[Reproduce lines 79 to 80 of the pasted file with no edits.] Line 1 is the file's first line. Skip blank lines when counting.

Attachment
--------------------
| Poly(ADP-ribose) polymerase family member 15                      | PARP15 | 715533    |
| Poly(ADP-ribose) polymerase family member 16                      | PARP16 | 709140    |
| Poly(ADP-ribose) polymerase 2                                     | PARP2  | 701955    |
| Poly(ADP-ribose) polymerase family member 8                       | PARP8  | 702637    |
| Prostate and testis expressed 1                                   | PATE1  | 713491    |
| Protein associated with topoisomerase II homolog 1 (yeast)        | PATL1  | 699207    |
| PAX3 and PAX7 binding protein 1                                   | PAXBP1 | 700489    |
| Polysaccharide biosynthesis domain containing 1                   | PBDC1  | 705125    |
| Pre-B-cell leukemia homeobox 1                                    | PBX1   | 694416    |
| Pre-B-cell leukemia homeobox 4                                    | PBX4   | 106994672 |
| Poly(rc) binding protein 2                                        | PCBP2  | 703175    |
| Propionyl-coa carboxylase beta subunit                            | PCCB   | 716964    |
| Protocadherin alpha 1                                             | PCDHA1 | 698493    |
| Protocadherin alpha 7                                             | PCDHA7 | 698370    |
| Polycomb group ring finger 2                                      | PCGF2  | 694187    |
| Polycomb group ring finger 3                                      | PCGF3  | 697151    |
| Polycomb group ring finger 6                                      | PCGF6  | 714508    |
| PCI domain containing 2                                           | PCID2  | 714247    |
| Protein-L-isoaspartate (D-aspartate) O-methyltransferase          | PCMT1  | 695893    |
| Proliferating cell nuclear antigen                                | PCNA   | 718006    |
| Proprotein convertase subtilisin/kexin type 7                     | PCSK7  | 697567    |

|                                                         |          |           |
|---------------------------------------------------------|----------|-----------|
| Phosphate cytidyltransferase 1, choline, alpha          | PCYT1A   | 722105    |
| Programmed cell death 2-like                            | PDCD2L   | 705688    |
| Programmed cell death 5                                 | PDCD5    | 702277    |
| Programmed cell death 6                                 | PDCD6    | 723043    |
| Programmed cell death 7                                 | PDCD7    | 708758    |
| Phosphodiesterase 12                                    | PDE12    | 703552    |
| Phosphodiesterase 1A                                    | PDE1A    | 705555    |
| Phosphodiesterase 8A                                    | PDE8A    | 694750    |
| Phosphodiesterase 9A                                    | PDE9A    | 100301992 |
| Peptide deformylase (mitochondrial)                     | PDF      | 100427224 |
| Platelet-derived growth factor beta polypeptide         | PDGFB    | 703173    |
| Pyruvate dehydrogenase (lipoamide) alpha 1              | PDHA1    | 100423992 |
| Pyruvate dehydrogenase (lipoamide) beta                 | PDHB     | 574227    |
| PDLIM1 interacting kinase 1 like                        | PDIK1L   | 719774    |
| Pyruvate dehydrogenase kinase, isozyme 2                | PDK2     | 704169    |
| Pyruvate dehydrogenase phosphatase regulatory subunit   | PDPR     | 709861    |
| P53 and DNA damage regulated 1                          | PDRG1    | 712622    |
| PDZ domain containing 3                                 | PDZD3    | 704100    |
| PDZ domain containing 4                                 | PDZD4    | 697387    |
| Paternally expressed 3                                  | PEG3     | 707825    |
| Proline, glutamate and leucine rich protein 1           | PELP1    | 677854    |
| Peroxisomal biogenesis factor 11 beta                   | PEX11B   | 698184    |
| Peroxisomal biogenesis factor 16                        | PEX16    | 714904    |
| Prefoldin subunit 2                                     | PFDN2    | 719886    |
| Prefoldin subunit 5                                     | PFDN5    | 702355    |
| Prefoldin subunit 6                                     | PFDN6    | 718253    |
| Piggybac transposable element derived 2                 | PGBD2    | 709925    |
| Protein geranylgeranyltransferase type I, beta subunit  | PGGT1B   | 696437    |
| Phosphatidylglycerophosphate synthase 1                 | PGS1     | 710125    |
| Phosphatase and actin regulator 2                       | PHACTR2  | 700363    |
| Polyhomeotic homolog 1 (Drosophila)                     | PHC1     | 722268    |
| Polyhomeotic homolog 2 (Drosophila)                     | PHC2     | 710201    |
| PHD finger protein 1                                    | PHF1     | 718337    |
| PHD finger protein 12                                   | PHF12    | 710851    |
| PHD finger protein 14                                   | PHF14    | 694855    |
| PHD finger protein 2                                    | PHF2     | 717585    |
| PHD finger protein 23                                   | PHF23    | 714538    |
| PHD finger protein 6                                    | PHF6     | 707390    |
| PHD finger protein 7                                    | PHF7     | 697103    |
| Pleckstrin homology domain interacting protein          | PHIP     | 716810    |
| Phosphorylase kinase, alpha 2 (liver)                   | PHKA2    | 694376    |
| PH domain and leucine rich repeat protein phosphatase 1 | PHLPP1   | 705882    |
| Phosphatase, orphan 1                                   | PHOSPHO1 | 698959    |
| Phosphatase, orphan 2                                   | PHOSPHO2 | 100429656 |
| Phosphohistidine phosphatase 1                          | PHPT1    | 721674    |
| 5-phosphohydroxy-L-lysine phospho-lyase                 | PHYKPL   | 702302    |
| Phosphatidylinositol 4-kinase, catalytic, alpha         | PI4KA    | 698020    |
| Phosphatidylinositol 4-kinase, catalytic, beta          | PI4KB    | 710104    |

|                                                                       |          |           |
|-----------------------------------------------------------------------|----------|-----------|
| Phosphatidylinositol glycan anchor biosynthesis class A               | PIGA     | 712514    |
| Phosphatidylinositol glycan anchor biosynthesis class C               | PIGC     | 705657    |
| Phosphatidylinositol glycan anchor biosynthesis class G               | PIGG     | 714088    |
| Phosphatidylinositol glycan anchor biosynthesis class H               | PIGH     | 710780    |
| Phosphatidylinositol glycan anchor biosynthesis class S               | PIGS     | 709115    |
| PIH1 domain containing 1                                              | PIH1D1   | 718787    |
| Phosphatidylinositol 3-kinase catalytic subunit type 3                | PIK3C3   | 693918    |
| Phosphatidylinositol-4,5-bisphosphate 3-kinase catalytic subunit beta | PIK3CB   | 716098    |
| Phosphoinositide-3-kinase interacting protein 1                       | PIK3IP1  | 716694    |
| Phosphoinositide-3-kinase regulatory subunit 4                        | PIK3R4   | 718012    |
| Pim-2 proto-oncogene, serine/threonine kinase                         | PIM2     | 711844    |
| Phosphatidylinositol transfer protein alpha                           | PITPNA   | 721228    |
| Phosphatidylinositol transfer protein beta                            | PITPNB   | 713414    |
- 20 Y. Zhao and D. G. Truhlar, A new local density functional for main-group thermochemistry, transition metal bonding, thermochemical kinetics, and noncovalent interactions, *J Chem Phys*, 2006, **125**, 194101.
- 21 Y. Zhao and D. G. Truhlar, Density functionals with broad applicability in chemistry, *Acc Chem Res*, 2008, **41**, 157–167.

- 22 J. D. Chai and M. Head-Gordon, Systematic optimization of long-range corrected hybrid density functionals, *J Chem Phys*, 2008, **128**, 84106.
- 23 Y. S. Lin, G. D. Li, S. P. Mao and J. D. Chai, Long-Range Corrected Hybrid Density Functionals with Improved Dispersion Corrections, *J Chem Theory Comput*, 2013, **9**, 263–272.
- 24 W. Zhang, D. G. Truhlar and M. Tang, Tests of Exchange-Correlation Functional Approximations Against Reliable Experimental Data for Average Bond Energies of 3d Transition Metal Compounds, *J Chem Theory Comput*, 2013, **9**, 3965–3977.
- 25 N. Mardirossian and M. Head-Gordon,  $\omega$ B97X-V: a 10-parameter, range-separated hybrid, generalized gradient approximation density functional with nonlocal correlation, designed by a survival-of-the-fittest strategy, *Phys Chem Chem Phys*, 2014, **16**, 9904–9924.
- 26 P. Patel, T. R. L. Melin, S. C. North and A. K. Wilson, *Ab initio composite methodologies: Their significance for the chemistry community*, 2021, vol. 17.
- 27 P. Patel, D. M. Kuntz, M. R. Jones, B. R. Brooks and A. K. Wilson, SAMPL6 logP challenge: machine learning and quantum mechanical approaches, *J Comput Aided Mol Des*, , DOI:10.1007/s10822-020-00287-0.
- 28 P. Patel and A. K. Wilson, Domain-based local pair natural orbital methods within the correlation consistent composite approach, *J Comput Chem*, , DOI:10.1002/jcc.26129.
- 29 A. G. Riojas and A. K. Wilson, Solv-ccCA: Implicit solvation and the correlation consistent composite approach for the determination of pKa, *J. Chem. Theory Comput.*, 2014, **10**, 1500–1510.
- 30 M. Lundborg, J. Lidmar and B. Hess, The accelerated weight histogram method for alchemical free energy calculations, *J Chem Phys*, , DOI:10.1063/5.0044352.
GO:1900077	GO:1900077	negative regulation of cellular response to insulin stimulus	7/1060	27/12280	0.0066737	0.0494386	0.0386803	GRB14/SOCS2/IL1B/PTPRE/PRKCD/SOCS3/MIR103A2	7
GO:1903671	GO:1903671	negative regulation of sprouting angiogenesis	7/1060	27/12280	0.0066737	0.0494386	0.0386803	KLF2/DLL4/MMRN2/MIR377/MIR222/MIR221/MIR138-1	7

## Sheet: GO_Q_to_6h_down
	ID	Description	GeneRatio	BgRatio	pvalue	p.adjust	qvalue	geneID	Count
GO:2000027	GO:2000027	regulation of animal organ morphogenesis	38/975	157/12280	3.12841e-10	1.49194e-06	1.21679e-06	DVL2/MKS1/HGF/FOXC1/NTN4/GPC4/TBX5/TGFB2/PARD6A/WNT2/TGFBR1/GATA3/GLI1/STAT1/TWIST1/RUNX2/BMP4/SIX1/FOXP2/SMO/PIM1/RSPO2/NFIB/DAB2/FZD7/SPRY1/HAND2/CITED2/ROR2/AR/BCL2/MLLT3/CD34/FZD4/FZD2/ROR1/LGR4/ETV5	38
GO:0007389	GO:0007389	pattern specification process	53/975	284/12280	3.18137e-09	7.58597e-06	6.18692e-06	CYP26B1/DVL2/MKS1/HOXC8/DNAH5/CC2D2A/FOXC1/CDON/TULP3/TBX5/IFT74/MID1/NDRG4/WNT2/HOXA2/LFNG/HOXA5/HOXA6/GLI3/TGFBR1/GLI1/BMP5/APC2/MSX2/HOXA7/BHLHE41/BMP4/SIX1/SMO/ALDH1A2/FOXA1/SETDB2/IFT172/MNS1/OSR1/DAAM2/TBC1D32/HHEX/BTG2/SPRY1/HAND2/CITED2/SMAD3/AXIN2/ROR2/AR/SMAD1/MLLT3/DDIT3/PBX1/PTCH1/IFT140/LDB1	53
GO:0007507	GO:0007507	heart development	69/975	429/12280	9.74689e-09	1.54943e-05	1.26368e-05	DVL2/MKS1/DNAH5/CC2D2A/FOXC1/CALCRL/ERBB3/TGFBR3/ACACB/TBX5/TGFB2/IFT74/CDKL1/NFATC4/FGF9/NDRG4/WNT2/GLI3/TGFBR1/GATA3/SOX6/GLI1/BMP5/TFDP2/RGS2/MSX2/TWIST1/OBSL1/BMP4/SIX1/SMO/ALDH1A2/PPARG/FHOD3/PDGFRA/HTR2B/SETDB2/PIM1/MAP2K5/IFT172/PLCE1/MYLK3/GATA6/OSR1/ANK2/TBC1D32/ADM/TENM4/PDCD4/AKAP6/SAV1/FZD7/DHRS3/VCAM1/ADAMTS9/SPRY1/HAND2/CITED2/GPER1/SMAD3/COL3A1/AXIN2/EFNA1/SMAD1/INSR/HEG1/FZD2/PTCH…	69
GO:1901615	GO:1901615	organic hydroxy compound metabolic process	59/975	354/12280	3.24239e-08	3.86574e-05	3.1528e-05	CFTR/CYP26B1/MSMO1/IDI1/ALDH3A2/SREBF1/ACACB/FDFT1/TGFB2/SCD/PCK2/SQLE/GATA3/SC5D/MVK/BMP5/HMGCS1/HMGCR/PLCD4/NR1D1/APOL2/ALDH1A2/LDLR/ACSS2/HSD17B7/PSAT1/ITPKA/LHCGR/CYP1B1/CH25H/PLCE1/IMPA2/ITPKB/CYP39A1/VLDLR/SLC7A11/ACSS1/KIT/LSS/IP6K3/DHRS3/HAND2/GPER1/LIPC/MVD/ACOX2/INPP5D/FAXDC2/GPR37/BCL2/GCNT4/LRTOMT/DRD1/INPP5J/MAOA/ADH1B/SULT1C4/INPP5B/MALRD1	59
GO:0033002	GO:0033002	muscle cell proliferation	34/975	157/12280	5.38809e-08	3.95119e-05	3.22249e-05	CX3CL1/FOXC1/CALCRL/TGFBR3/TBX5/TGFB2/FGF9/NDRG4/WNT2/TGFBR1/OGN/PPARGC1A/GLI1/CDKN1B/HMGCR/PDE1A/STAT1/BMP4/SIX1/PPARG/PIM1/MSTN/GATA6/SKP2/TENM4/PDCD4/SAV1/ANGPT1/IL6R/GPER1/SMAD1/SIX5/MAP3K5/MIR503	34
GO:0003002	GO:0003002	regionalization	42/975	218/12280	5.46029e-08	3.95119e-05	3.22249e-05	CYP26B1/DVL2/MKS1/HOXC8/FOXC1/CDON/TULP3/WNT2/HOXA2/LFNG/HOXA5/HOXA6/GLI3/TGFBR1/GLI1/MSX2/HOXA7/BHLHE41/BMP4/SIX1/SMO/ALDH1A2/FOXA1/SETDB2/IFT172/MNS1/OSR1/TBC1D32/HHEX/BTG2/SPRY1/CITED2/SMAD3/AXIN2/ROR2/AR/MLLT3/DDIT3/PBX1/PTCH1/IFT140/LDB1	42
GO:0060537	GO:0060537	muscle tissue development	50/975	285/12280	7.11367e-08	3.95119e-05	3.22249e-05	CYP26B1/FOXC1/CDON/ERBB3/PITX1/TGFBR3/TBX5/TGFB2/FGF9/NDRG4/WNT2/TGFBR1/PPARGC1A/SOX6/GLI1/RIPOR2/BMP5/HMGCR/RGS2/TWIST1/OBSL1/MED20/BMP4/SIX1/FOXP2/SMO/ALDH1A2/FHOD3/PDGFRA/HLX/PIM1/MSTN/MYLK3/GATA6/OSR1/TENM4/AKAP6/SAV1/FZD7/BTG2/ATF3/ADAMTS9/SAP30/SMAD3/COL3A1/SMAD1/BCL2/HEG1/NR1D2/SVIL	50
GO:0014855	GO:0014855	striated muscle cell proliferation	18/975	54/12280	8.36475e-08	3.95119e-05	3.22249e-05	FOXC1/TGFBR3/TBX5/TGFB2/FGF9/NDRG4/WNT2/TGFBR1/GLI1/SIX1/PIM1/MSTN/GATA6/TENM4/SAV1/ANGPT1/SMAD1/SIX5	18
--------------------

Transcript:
| PIH1 domain containing 1                                              | PIH1D1   | 718787    |
| Phosphatidylinositol 3-kinase catalytic subunit type 3                | PIK3C3   | 693918    |